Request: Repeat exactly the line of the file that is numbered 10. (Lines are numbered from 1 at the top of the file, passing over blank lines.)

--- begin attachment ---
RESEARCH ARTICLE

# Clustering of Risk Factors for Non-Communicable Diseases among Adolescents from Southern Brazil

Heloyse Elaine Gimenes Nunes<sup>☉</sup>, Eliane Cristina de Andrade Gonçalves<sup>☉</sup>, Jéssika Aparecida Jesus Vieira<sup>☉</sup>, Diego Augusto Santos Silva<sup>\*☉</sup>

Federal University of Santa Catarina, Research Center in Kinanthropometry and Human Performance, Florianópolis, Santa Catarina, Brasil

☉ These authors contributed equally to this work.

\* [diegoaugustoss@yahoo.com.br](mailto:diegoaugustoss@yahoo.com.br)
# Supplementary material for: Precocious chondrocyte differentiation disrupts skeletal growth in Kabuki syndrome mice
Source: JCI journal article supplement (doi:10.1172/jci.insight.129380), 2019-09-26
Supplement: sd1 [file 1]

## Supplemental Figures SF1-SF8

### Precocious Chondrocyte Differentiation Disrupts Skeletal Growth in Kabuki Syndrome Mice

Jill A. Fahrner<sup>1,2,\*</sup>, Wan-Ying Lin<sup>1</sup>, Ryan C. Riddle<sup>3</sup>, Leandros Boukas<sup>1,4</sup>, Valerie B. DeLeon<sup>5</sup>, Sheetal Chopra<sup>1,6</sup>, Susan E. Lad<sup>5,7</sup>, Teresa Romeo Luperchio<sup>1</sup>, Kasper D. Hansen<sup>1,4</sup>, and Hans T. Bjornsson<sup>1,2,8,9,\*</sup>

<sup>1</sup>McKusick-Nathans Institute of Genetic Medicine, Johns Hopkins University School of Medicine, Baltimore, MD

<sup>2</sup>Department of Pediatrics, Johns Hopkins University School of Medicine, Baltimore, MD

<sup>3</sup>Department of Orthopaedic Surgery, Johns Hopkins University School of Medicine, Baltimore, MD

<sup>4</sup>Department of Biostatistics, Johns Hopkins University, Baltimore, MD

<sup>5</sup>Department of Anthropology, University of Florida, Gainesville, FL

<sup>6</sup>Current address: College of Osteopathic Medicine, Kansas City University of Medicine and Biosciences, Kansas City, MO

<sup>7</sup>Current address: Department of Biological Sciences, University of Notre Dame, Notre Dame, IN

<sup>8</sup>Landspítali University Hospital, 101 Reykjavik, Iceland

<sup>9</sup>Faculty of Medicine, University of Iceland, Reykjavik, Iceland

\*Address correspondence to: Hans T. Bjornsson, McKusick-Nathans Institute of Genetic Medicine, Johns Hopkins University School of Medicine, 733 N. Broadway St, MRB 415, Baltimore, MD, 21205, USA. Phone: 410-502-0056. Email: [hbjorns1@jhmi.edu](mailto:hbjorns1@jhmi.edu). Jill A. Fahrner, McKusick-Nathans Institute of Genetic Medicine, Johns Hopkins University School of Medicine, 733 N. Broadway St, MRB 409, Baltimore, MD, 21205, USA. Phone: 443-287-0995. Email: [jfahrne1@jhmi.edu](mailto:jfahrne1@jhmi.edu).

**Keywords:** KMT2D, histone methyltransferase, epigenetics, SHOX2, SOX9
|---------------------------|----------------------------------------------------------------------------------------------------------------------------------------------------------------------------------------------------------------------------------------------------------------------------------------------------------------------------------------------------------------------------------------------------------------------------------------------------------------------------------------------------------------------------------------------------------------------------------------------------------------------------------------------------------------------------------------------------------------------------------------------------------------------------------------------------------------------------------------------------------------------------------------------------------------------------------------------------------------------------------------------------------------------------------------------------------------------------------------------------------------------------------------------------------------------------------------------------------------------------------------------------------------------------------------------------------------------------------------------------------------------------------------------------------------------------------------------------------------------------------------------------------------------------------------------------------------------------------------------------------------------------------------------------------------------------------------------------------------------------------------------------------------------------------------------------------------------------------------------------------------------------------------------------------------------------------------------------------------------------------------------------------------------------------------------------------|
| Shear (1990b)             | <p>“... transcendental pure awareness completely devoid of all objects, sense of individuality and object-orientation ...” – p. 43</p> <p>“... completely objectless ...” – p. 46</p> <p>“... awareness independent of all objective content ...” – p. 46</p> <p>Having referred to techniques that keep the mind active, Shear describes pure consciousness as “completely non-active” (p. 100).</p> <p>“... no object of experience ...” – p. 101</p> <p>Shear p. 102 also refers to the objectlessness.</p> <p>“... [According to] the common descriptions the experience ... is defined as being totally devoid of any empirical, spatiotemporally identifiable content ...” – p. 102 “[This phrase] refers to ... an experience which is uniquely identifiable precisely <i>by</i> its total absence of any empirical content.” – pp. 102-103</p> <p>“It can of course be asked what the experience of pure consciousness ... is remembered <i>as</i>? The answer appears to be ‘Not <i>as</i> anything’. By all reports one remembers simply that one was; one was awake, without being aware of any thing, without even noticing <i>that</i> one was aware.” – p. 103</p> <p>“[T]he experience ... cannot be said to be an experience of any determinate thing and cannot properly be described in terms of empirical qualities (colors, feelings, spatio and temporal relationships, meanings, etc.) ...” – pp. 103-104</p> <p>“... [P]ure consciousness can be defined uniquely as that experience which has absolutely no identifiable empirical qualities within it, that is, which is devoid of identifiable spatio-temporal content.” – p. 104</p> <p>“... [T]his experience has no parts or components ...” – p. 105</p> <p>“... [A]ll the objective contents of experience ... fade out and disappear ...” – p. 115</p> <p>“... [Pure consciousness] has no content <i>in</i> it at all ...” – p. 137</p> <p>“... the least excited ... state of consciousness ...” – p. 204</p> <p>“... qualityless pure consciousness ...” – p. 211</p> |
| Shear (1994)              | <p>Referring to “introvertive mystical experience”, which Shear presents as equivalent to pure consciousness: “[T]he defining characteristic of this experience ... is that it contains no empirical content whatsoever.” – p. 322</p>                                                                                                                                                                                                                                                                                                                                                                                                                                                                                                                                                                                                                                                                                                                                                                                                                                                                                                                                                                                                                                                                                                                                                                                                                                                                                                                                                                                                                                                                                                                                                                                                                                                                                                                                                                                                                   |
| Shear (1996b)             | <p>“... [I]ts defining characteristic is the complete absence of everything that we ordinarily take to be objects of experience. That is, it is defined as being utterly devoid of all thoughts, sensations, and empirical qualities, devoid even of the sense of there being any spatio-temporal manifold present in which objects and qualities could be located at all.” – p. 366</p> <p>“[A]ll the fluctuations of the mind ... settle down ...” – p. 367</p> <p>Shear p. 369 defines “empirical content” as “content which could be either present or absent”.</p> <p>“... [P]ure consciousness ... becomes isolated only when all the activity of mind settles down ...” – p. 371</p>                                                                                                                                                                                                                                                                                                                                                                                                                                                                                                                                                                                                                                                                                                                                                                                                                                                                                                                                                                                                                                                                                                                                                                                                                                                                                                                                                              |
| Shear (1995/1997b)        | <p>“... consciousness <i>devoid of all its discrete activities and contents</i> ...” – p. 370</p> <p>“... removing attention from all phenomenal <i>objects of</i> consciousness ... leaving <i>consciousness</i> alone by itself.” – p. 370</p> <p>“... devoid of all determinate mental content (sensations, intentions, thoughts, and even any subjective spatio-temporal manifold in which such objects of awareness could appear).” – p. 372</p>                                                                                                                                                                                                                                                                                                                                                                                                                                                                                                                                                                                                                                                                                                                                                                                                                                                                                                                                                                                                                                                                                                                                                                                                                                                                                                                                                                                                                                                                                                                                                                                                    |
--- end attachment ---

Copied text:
## Supplemental Figures SF1-SF8